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    Originally posted by armourbearer
    Mary's perpetual virginity was generally accepted amongst earlier Protestants, and it finds confessional status in the second Helvetic Confession.
    I have no problem believing that some did. For me, however it doesn't alter the fact that Scripture does not seem in the least bit ambiguous on the matter. That settles it for me.

    Secondarily - and as I think more about it, I think it a very valid point, is Chris's normative argument. Naturally, I believe the clear Biblical reference carries more weight, but this little bit of exegesis is very compelling. (thanks, Chris)



    dl
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    That's interesting Rev Winzer, thank you. In light of Jesus' rebuking the Pharisees for their traditions I thought that Karaite Jews with their rejection of the alleged Oral traditions of Moses and insistence upon the scriptures were closer to the truth then orthodox Jews. Doesn't this view militate against sola scriptura and the RPW? Don't the Papists defend their superstitious doctrines by saying that they received them from traditions handed down from the apostles?
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    armourbearer is offline. Moderator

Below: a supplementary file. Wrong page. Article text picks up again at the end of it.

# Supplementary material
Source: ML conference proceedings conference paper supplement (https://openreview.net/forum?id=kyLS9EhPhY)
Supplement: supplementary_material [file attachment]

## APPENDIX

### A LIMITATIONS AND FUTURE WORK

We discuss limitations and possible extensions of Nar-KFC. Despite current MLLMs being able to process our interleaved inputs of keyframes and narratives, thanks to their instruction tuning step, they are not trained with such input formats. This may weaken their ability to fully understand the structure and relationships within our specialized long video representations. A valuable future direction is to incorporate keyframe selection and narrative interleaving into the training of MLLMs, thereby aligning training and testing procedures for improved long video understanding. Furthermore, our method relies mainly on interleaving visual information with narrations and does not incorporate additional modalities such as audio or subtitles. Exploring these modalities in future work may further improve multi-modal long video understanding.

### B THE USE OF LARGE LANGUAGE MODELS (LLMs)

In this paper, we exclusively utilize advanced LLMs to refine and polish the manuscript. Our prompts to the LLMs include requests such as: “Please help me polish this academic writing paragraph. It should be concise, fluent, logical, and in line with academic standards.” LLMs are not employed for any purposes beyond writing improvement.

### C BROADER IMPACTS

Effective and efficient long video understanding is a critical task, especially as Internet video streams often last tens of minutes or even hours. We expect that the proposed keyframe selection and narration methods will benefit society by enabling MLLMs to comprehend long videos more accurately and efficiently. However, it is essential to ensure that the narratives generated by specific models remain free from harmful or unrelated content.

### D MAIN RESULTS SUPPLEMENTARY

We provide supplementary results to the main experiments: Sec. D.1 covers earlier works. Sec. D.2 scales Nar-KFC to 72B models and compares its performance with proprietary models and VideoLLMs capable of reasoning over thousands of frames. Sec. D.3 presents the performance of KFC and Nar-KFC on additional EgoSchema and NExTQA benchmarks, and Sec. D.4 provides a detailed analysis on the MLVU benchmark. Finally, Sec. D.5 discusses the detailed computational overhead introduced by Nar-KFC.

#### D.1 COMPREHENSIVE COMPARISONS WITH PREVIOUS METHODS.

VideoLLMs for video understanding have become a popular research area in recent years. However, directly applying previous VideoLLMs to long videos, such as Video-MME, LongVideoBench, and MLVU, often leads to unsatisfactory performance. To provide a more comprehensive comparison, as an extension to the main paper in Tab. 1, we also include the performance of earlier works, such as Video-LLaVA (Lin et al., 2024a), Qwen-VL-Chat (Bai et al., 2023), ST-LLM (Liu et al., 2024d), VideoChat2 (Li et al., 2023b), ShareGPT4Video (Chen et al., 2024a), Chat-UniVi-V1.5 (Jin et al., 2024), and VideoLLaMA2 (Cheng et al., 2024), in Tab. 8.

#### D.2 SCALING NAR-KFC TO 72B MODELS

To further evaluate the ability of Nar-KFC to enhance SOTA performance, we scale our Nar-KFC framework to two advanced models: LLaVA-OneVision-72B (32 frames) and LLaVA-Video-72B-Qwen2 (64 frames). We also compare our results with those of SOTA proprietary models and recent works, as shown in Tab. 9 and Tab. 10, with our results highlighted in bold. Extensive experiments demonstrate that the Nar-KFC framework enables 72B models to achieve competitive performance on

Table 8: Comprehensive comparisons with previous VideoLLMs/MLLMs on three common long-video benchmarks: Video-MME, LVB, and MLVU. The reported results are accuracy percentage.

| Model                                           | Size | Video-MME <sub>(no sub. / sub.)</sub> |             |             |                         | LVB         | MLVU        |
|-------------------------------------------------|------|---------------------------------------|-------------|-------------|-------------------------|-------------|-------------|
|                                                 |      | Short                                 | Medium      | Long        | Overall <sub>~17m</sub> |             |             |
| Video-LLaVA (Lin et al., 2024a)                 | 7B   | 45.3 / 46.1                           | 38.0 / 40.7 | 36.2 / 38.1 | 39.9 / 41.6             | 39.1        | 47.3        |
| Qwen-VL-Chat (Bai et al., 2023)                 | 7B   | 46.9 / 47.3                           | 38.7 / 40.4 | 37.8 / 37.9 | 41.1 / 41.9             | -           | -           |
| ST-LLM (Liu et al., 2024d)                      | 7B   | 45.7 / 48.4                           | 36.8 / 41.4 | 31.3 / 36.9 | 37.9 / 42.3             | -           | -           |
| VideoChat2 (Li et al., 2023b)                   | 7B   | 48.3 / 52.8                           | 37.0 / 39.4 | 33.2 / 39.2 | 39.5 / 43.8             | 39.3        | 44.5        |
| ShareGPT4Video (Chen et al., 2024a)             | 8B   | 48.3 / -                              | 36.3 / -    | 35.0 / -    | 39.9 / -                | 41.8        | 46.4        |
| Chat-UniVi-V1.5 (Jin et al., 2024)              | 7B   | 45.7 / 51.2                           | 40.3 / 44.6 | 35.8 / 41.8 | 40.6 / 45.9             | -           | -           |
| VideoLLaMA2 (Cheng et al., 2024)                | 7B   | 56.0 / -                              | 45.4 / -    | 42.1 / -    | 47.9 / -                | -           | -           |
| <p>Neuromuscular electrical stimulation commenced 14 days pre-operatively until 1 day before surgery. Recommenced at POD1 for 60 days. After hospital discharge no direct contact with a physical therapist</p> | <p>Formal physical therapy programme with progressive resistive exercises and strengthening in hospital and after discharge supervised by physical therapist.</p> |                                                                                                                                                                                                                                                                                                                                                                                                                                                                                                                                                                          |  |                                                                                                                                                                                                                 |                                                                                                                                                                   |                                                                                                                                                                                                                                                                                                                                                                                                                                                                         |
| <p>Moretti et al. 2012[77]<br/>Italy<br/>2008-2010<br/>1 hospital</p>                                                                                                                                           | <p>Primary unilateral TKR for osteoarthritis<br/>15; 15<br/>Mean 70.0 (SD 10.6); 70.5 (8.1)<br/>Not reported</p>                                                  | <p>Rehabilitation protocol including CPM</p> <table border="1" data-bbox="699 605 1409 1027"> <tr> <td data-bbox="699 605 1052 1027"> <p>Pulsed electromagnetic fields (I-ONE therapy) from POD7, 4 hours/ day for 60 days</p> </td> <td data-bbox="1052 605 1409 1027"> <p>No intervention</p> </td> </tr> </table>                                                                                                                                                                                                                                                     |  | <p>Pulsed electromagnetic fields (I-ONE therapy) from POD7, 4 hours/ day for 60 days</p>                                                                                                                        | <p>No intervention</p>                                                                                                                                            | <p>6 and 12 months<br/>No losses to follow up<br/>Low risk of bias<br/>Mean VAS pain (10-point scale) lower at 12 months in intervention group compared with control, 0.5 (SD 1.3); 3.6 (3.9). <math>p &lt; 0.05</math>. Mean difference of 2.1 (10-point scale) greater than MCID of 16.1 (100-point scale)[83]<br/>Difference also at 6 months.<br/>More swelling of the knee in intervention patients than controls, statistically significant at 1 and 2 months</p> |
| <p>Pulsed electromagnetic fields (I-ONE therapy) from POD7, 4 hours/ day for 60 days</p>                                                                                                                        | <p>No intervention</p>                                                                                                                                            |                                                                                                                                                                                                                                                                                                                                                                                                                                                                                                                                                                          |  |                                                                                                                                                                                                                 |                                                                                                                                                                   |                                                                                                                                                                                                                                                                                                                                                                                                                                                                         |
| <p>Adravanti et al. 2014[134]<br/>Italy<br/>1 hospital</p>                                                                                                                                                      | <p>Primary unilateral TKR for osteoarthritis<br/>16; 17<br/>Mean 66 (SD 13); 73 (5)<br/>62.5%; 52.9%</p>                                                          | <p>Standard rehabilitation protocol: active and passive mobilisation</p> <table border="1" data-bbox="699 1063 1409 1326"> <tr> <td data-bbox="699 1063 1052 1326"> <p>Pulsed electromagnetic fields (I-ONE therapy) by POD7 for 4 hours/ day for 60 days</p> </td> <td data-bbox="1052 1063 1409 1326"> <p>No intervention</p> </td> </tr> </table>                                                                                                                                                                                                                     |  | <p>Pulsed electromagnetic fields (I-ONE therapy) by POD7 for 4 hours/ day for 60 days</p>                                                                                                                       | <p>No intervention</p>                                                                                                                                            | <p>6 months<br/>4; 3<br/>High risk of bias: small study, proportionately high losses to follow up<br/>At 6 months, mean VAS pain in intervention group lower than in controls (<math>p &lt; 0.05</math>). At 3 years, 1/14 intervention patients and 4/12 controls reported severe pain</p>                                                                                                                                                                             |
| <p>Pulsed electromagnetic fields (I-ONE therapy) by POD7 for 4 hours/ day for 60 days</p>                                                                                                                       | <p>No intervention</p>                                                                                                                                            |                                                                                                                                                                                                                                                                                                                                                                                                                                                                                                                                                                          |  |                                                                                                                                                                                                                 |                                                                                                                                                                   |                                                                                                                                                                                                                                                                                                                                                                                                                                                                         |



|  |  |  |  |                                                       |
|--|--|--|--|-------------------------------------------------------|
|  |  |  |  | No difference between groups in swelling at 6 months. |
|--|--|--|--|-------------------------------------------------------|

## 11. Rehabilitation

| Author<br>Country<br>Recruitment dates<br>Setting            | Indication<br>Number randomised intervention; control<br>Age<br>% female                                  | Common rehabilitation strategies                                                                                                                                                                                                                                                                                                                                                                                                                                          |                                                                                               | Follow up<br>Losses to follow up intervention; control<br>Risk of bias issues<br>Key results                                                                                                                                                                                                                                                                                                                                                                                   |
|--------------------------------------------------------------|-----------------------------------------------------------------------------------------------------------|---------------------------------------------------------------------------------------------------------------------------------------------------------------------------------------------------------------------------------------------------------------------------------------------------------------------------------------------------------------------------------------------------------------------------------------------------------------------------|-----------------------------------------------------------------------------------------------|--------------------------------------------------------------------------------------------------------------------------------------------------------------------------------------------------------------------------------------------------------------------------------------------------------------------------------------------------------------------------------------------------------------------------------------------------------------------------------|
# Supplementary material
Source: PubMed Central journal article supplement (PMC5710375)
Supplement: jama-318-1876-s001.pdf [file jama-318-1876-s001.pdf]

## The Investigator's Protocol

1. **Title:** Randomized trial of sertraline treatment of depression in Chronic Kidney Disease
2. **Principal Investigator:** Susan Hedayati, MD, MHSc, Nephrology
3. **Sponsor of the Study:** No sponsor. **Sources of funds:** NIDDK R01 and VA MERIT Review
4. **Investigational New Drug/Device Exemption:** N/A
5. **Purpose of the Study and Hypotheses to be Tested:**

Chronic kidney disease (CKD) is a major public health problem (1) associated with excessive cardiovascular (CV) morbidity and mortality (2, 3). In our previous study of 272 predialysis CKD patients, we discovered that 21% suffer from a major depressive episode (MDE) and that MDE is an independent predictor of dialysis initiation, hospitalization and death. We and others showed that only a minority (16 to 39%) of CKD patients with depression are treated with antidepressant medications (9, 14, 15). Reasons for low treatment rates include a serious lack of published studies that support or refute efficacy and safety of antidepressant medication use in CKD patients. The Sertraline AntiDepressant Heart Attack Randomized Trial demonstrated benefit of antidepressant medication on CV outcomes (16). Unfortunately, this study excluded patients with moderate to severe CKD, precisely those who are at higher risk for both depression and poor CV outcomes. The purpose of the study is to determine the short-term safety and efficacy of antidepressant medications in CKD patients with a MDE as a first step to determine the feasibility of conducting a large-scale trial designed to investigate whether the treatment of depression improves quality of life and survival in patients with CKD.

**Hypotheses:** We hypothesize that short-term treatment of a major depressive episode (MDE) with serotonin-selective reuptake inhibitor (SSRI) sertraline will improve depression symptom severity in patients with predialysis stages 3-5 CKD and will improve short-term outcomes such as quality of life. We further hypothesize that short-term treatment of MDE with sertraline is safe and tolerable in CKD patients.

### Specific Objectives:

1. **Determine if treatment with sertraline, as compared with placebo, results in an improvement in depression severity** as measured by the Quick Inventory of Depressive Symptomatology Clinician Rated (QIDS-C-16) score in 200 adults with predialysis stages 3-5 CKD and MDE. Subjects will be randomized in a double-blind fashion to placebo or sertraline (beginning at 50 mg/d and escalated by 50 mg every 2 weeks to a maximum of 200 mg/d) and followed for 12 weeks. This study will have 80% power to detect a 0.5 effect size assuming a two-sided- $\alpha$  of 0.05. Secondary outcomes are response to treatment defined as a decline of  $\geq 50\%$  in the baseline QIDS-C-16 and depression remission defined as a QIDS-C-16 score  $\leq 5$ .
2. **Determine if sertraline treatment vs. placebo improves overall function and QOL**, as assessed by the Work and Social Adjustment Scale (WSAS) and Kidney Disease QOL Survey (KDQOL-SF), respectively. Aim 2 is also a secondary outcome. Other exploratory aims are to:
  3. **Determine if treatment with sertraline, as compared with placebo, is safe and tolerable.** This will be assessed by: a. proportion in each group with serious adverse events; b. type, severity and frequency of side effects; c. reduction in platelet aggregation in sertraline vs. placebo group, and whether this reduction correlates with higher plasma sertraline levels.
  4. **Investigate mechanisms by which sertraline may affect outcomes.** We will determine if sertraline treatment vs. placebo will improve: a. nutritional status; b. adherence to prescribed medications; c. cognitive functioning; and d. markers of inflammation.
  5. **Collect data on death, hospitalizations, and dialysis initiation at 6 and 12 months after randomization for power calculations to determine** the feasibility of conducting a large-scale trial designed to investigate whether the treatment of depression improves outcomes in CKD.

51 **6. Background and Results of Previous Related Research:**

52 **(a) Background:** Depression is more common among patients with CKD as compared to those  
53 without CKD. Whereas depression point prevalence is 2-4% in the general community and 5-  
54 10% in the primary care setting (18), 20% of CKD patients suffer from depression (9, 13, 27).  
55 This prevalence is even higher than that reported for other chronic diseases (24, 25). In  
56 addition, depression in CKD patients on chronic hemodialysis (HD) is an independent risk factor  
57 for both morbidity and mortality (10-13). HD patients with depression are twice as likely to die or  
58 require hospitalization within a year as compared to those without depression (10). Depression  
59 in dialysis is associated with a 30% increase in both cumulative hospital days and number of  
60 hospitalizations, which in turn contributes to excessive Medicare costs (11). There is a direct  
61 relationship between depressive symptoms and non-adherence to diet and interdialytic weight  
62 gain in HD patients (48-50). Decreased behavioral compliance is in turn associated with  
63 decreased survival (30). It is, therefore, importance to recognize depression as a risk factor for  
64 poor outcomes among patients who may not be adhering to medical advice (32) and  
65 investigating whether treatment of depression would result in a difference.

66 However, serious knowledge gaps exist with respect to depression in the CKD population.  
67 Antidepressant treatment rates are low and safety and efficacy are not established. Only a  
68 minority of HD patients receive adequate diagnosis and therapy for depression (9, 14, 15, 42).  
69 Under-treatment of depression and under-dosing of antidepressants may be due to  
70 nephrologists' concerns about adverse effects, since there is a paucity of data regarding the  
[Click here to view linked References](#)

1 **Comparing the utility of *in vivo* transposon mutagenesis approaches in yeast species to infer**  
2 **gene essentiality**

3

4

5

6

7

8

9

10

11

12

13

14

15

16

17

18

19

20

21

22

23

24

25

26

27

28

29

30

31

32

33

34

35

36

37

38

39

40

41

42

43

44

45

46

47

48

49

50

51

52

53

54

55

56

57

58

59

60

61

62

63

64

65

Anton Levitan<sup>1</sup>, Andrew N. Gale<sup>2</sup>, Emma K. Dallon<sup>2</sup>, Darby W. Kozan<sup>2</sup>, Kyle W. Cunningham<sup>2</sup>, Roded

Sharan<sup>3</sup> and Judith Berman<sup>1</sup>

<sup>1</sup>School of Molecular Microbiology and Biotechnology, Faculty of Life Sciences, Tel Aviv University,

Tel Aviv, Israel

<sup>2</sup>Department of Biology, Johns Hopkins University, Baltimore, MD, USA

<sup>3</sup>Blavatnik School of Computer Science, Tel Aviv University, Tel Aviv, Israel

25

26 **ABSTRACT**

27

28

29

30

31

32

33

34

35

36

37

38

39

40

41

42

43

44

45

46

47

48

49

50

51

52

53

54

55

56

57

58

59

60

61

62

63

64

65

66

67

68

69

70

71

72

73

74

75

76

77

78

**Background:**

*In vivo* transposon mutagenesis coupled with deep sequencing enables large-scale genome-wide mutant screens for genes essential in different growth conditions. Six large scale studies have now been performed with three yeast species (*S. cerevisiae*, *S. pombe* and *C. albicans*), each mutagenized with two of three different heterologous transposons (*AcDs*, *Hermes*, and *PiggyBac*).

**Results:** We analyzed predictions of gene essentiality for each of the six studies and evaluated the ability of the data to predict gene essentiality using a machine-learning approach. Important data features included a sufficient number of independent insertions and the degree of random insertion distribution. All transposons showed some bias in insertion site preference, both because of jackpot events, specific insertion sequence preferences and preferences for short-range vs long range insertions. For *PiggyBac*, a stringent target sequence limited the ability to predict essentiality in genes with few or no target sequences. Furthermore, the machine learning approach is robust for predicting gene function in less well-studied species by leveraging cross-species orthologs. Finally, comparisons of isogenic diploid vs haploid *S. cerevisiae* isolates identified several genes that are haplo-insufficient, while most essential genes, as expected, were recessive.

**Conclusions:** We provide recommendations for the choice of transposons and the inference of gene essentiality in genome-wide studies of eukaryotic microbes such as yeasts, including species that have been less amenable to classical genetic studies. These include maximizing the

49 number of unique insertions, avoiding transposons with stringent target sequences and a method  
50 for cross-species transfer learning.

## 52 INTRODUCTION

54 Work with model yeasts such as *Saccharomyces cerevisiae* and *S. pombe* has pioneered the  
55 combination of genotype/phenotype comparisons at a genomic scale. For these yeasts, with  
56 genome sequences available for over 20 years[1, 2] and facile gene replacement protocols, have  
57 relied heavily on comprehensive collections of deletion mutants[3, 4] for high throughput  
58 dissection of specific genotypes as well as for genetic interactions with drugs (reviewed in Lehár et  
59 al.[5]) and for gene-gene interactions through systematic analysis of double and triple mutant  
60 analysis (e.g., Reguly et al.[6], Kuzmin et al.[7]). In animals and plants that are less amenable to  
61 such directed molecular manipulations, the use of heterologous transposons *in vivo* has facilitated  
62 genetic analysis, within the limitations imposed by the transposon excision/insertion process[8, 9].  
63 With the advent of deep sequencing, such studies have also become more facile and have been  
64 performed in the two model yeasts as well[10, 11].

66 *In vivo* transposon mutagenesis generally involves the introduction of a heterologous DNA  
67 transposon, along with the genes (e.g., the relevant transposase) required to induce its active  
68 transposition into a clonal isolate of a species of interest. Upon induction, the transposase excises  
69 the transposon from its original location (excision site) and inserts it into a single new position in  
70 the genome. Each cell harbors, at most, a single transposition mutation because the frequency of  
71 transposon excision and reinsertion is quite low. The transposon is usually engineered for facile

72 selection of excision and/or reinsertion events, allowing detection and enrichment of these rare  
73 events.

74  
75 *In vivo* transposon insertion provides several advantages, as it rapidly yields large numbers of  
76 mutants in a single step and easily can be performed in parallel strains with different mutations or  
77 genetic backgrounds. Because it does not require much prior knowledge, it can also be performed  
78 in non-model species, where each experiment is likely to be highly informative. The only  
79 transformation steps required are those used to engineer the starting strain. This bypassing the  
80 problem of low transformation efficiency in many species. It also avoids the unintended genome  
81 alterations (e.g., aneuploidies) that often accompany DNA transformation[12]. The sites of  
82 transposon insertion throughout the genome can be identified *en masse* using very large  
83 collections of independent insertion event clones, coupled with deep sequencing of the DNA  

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    Originally posted by Cuirassier
    I have no problem believing that some did. For me, however it doesn't alter the fact that Scripture does not seem in the least bit ambiguous on the matter. That settles it for me.
    The Scripture nowhere states that Mary engaged in sexual relations; it is merely assumed on the basis that all married people engage in such relations. But it is clear for all to see that this was no ordinary marriage. It was made for the sole purpose of giving respectability to the virgin; and the Scripture expressly says that Joseph did not engage in sexual relations, as an ordinary married couple would do.
    Yours sincerely,
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    armourbearer is offline. Moderator
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    Originally posted by Peter
    That's interesting Rev Winzer, thank you. In light of Jesus' rebuking the Pharisees for their traditions I thought that Karaite Jews with their rejection of the alleged Oral traditions of Moses and insistence upon the scriptures were closer to the truth then orthodox Jews. Doesn't this view militate against sola scriptura and the RPW? Don't the Papists defend their superstitious doctrines by saying that they received them from traditions handed down from the apostles?